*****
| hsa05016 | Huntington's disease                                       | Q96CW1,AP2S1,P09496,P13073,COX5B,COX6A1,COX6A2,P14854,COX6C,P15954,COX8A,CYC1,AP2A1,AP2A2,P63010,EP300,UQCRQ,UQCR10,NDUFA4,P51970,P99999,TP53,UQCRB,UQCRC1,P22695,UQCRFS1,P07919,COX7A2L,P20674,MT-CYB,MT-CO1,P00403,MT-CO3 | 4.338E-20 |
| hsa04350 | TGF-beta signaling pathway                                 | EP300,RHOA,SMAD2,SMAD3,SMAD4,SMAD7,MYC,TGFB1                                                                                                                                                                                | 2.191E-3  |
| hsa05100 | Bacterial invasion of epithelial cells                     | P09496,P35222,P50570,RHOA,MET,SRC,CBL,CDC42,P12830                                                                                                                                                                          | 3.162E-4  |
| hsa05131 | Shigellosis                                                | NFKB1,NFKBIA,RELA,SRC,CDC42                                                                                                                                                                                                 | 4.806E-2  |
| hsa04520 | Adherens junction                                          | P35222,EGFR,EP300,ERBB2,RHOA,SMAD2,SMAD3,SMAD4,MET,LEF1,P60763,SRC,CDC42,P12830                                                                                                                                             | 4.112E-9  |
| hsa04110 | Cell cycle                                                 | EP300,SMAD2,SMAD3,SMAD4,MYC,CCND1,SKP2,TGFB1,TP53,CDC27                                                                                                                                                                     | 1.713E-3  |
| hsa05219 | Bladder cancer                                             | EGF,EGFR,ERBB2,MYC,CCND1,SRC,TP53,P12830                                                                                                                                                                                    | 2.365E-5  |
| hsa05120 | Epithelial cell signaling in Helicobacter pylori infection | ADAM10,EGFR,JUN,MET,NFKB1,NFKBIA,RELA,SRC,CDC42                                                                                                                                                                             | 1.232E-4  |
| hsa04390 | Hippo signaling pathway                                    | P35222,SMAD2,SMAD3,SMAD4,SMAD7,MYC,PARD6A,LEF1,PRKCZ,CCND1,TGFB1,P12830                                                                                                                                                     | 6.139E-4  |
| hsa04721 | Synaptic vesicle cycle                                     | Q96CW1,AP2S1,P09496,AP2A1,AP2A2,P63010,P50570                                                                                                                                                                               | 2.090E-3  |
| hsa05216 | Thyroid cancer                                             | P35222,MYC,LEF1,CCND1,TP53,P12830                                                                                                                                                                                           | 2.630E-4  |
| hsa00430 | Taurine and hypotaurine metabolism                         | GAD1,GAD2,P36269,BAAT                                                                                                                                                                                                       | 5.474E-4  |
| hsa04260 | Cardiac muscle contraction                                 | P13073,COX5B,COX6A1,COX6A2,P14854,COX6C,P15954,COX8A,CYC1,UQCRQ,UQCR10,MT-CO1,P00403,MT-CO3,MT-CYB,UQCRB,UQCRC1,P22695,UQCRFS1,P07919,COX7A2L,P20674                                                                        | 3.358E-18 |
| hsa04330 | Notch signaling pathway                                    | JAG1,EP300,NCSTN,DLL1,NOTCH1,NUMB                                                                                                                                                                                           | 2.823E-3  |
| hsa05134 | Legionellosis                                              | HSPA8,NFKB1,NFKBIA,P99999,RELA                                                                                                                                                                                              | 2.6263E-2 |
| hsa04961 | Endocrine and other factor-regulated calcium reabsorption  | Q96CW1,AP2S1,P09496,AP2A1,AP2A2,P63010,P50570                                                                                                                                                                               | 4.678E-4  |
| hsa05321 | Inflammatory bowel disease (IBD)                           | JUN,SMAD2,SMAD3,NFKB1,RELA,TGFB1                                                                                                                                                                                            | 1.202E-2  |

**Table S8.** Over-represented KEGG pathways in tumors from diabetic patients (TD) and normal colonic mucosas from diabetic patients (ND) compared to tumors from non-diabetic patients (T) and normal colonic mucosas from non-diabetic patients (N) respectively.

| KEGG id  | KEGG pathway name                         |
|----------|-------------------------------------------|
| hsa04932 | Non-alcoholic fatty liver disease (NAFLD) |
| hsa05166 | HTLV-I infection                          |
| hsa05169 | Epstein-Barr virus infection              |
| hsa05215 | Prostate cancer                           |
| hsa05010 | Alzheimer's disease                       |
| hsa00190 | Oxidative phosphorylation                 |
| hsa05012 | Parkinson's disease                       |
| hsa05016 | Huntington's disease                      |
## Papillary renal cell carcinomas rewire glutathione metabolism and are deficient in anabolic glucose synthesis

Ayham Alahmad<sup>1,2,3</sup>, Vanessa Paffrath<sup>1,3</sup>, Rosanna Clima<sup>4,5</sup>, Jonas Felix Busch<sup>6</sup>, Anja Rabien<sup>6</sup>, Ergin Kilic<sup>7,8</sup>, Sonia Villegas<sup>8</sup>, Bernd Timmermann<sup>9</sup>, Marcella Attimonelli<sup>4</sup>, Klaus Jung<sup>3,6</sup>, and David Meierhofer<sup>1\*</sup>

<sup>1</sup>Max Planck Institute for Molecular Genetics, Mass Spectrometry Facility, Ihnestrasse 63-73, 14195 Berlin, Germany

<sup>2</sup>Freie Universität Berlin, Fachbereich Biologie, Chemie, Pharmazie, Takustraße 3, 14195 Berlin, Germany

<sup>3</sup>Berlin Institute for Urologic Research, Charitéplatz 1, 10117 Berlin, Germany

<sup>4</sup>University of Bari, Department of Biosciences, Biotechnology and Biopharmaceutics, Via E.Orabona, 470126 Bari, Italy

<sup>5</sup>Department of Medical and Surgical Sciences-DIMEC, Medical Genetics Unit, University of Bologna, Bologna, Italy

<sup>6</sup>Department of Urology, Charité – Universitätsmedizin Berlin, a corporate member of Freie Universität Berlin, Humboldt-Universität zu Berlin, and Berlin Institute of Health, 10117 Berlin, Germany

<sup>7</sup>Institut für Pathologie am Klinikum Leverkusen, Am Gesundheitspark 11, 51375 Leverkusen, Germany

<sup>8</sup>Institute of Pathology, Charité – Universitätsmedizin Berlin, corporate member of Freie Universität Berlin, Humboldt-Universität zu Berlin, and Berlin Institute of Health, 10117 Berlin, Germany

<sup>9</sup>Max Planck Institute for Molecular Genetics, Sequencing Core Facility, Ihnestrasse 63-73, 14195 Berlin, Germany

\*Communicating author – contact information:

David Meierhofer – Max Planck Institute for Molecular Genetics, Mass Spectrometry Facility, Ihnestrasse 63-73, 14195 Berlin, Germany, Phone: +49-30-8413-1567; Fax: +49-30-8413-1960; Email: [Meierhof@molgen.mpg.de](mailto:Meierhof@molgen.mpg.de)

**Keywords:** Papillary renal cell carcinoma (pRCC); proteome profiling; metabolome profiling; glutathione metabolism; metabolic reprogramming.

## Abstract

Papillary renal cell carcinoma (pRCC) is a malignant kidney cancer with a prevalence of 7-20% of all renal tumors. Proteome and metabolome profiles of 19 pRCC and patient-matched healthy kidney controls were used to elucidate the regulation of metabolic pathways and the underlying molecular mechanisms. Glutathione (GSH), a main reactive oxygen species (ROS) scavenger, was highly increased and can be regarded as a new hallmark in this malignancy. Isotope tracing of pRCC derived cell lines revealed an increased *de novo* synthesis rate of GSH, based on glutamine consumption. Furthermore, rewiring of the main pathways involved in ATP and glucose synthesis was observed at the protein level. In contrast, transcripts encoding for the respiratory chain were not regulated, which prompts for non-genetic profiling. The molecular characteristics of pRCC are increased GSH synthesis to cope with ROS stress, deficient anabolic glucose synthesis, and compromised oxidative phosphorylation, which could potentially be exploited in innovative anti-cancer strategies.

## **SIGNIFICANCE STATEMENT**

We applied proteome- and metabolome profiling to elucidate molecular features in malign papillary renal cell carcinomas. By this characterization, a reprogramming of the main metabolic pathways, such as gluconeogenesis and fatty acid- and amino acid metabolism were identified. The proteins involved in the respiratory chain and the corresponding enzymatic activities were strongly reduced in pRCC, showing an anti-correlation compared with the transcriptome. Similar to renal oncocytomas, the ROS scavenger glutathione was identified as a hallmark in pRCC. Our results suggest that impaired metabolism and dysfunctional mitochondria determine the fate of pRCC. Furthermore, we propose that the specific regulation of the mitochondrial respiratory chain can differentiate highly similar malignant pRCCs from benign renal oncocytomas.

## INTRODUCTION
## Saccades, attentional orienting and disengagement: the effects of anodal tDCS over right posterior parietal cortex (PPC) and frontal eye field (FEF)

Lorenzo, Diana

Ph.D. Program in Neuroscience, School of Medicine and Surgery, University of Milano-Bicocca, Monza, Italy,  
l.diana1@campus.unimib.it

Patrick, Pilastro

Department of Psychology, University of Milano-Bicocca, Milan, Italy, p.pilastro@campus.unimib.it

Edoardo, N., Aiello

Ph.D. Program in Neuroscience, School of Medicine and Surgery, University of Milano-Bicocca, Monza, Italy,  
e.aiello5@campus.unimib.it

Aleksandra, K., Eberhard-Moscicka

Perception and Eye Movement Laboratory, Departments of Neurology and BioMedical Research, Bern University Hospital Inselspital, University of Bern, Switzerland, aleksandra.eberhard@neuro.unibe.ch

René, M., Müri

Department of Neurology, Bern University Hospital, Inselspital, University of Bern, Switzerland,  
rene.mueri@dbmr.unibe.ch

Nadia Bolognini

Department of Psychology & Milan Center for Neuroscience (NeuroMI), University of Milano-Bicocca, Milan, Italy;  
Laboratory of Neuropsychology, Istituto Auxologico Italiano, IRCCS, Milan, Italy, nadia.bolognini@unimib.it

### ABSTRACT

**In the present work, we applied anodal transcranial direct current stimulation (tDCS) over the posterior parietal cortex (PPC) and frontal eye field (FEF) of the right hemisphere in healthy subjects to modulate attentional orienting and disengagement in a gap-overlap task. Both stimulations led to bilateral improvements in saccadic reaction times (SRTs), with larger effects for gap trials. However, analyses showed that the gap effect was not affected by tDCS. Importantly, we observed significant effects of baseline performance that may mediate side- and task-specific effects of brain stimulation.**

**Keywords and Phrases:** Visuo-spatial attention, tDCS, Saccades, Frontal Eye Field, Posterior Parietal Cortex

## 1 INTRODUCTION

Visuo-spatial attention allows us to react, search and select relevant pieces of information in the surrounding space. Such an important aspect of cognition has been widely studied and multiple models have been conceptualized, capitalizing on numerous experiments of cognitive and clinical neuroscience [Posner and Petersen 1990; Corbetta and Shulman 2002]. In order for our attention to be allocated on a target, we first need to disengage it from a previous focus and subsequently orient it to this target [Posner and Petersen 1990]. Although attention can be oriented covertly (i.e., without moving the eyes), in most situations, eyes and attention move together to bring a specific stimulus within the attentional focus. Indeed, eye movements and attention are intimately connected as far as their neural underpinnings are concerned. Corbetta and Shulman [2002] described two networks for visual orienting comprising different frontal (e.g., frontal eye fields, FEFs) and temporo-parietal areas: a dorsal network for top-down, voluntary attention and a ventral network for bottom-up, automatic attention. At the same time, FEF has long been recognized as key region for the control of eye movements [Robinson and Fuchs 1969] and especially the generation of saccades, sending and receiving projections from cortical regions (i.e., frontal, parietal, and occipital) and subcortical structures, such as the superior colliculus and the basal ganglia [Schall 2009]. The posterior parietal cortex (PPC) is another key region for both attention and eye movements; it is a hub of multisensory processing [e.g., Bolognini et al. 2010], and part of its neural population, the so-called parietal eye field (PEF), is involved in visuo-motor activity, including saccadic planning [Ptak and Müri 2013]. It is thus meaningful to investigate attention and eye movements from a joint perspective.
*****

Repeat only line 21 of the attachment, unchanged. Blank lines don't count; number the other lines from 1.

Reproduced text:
| hsa04932 | Non-alcoholic fatty liver disease (NAFLD) |